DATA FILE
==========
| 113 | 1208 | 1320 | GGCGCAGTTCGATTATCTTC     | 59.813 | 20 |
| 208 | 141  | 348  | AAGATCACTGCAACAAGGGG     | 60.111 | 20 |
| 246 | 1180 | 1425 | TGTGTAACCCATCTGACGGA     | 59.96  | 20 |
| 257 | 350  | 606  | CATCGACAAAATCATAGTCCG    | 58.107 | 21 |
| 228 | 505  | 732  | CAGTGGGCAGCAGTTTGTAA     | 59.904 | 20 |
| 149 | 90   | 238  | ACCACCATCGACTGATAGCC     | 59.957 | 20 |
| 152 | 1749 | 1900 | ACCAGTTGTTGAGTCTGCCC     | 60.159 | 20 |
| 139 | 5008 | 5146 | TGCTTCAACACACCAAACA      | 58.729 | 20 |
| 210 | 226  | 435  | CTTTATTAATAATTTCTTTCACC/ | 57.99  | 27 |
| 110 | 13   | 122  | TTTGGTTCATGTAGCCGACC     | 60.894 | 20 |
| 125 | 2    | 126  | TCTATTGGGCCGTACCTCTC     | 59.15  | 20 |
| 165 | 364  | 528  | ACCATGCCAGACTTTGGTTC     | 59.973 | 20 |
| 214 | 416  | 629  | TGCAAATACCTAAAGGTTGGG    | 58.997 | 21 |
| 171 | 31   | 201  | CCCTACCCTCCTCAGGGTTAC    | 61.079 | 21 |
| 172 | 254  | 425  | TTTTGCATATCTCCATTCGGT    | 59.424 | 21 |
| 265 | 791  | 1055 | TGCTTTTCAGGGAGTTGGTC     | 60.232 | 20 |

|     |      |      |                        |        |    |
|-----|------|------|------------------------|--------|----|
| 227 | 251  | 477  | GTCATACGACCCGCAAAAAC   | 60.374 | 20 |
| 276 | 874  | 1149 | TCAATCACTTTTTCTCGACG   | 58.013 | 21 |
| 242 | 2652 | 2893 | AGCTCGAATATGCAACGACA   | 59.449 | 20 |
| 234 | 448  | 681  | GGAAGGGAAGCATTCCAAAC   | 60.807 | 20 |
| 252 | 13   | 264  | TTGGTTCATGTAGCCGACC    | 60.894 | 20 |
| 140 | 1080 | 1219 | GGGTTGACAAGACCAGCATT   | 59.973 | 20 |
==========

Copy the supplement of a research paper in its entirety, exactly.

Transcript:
| 113 | 1208 | 1320 | GGCGCAGTTCGATTATCTTC     | 59.813 | 20 |
| 208 | 141  | 348  | AAGATCACTGCAACAAGGGG     | 60.111 | 20 |
| 246 | 1180 | 1425 | TGTGTAACCCATCTGACGGA     | 59.96  | 20 |
| 257 | 350  | 606  | CATCGACAAAATCATAGTCCG    | 58.107 | 21 |
| 228 | 505  | 732  | CAGTGGGCAGCAGTTTGTAA     | 59.904 | 20 |
| 149 | 90   | 238  | ACCACCATCGACTGATAGCC     | 59.957 | 20 |
| 152 | 1749 | 1900 | ACCAGTTGTTGAGTCTGCCC     | 60.159 | 20 |
| 139 | 5008 | 5146 | TGCTTCAACACACCAAACA      | 58.729 | 20 |
| 210 | 226  | 435  | CTTTATTAATAATTTCTTTCACC/ | 57.99  | 27 |
| 110 | 13   | 122  | TTTGGTTCATGTAGCCGACC     | 60.894 | 20 |
| 125 | 2    | 126  | TCTATTGGGCCGTACCTCTC     | 59.15  | 20 |
| 165 | 364  | 528  | ACCATGCCAGACTTTGGTTC     | 59.973 | 20 |
| 214 | 416  | 629  | TGCAAATACCTAAAGGTTGGG    | 58.997 | 21 |
| 171 | 31   | 201  | CCCTACCCTCCTCAGGGTTAC    | 61.079 | 21 |
| 172 | 254  | 425  | TTTTGCATATCTCCATTCGGT    | 59.424 | 21 |
| 265 | 791  | 1055 | TGCTTTTCAGGGAGTTGGTC     | 60.232 | 20 |

|     |      |      |                        |        |    |
|-----|------|------|------------------------|--------|----|
| 227 | 251  | 477  | GTCATACGACCCGCAAAAAC   | 60.374 | 20 |
| 276 | 874  | 1149 | TCAATCACTTTTTCTCGACG   | 58.013 | 21 |
| 242 | 2652 | 2893 | AGCTCGAATATGCAACGACA   | 59.449 | 20 |
| 234 | 448  | 681  | GGAAGGGAAGCATTCCAAAC   | 60.807 | 20 |
| 252 | 13   | 264  | TTGGTTCATGTAGCCGACC    | 60.894 | 20 |
| 140 | 1080 | 1219 | GGGTTGACAAGACCAGCATT   | 59.973 | 20 |